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On the inefficiency of inequality

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  • Schiff, Maurice

Abstract

A number of studies have examined the implications of preference interdependence. This paper models individual utility as depending either on the level of other people's consumption or on the difference in consumption levels. It assumes that the impact of an increase in other people's consumption on individual utility diminishes with the level of consumption, raising individual utility when that consumption is very small and lowering it when that consumption is very large. Based on that plausible assumption, the paper shows that, whether individual utility depends on the level of other people's consumption or on the difference in consumption levels, i) welfare declines with inequality, ii) equilibrium inequality is inefficient, and iii) the optimal intervention leads to a more equal distribution. Implications for the role of development institutions are examined.

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Bibliographic Info

Paper provided by The World Bank in its series Policy Research Working Paper Series with number 3360.

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Date of creation: 01 Jul 2004
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Handle: RePEc:wbk:wbrwps:3360

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Keywords: Economic Theory&Research; Labor Policies; Environmental Economics&Policies; Financial Intermediation; Services&Transfers to Poor; Economic Theory&Research; Inequality; Environmental Economics&Policies; Governance Indicators; Financial Intermediation;

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  1. A. Abel, 2010. "Asset prices under habit formation and catching up with the Jones," Levine's Working Paper Archive 1395, David K. Levine.
  2. Persson, Torsten & Tabellini, Guido, 1994. "Is Inequality Harmful for Growth?," American Economic Review, American Economic Association, vol. 84(3), pages 600-621, June.
  3. Alesina, Alberto F & Di Tella, Rafael & MacCulloch, Robert, 2001. "Inequality and Happiness: Are Europeans and Americans Different?," CEPR Discussion Papers 2877, C.E.P.R. Discussion Papers.
  4. Dayton-Johnson, Jeff & Bardhan, Pranab, 1996. "Inequality and Conservation on the Local Commons: A Theoretical Exercise," Center for International and Development Economics Research, Working Paper Series qt7f9913w9, Center for International and Development Economics Research, Institute for Business and Economic Research, UC Berkeley.
  5. Bénabou, Roland, 1996. "Inequality and Growth," CEPR Discussion Papers 1450, C.E.P.R. Discussion Papers.
  6. John Y. Campbell & John H. Cochrane, 1994. "By Force of Habit: A Consumption-Based Explanation of Aggregate Stock Market Behavior," CRSP working papers 412, Center for Research in Security Prices, Graduate School of Business, University of Chicago.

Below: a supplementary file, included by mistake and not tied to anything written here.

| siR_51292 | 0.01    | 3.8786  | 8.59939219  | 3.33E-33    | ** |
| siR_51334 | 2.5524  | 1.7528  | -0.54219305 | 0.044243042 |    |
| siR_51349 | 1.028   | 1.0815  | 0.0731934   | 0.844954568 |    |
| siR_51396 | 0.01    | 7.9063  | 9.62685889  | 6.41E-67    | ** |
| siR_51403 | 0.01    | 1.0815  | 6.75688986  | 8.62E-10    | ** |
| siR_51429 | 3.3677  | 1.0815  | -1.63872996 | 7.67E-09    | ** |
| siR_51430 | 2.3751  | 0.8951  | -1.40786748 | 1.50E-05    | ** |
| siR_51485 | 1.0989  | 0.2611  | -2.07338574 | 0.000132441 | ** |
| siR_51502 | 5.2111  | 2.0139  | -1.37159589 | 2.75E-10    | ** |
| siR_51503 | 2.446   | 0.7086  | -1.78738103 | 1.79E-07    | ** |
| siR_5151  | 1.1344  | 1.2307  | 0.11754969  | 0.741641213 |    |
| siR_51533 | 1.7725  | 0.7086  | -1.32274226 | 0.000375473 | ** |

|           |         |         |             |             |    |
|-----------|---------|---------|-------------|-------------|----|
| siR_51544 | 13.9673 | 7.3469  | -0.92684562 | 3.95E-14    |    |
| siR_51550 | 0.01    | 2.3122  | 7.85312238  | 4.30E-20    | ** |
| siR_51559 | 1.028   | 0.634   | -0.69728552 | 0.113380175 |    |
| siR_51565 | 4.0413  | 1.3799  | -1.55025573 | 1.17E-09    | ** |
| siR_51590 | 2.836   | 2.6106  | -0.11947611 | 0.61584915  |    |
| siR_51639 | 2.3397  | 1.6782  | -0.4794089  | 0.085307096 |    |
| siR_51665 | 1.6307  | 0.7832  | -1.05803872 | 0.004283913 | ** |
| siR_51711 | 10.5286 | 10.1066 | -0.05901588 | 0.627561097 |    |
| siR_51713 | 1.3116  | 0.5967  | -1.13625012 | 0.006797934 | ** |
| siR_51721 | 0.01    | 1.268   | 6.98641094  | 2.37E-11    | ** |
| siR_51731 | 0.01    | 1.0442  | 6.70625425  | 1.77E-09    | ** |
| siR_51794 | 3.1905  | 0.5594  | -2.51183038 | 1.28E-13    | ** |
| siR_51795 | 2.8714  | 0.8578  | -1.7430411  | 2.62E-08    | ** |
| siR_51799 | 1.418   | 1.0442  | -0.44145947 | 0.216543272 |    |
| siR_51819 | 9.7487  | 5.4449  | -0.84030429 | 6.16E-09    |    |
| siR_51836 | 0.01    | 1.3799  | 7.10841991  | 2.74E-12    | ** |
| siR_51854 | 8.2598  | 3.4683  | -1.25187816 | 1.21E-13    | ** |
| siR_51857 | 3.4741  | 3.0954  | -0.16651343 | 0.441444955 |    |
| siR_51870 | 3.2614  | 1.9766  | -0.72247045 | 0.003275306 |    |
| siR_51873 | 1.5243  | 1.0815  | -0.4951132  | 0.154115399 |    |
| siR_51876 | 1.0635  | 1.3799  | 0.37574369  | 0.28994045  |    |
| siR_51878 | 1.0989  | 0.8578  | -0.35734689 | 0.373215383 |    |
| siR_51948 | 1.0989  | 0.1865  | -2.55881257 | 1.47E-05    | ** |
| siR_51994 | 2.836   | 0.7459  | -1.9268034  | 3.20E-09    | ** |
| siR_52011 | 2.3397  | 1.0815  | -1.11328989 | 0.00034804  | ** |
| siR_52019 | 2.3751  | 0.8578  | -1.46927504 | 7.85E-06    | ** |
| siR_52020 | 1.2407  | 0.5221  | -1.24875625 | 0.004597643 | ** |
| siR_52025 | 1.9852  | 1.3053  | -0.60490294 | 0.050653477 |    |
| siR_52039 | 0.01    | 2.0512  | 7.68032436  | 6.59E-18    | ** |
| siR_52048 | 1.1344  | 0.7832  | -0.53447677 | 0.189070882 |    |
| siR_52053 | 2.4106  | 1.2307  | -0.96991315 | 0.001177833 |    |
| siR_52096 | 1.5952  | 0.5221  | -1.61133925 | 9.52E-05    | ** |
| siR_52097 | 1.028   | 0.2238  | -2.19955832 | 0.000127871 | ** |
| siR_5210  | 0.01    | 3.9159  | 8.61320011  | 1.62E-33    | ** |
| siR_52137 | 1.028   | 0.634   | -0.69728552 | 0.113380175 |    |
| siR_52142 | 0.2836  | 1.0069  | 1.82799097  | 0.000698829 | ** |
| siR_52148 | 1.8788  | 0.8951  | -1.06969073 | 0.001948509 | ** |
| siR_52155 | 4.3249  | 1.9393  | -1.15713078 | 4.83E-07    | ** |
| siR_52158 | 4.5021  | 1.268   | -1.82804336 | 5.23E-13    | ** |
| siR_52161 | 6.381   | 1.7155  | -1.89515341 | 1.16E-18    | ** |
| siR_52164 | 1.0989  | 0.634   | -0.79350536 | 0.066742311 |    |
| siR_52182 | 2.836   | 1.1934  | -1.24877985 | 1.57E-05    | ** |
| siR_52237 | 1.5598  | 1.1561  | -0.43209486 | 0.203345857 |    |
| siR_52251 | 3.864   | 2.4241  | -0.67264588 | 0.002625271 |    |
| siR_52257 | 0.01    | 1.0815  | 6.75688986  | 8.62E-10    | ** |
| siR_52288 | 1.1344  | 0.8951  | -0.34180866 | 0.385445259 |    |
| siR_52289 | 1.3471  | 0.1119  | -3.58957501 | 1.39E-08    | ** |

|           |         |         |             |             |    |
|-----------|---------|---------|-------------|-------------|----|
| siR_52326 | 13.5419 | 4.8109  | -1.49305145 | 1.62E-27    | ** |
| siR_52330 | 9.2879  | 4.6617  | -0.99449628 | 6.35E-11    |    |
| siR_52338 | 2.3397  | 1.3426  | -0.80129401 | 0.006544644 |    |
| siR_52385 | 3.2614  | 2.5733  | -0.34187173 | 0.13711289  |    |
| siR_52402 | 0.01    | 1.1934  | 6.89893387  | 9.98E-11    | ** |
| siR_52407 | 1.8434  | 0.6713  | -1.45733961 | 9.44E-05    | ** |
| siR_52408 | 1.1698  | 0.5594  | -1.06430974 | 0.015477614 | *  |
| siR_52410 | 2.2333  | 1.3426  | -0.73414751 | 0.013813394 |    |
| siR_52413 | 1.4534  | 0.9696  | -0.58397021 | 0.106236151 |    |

7. Baland, J-M & Platteau, J-P, 1997. "Wealth Inequality and Efficiency in the Commons," Papers 193, Notre-Dame de la Paix, Sciences Economiques et Sociales.
  8. Fehr, Ernst & Schmidt, Klaus M., 1998. "A Theory of Fairness, Competition and Cooperation," CEPR Discussion Papers 1812, C.E.P.R. Discussion Papers.
  9. Oded Galor & Joseph Zeira, 2013. "Income Distribution and Macroeconomics," Working Papers 2013-12, Brown University, Department of Economics.
  10. Robson, Arthur J, 1992. "Status, the Distribution of Wealth, Private and Social Attitudes to Risk," Econometrica, Econometric Society, vol. 60(4), pages 837-57, July.
  11. Harald Uhlig & Lars Ljungqvist, 2000. "Tax Policy and Aggregate Demand Management under Catching Up with the Joneses," American Economic Review, American Economic Association, vol. 90(3), pages 356-366, June.
  12. Banerjee, Abhijit V & Newman, Andrew F, 1991. "Risk-Bearing and the Theory of Income Distribution," Review of Economic Studies, Wiley Blackwell, vol. 58(2), pages 211-35, April.
  13. Alesina, Alberto F & Rodrik, Dani, 1991. "Distributive Politics and Economic Growth," CEPR Discussion Papers 565, C.E.P.R. Discussion Papers.
  14. Pollak, Robert A, 1976. "Interdependent Preferences," American Economic Review, American Economic Association, vol. 66(3), pages 309-20, June.
  15. Axel Ockenfels & Gary E. Bolton, 2000. "ERC: A Theory of Equity, Reciprocity, and Competition," American Economic Review, American Economic Association, vol. 90(1), pages 166-193, March.
  16. Bill Dupor & Wen-Fang Liu, 2003. "Jealousy and Equilibrium Overconsumption," American Economic Review, American Economic Association, vol. 93(1), pages 423-428, March.
  17. Barro, Robert J, 2000. " Inequality and Growth in a Panel of Countries," Journal of Economic Growth, Springer, vol. 5(1), pages 5-32, March.
  18. John Y. Campbell & John Cochrane, 1999. "Force of Habit: A Consumption-Based Explanation of Aggregate Stock Market Behavior," Journal of Political Economy, University of Chicago Press, vol. 107(2), pages 205-251, April.
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Cited by:
  1. Gruen, Carola & Klasen, Stephan, 2012. "Has transition improved well-being?," Economic Systems, Elsevier, vol. 36(1), pages 11-30.

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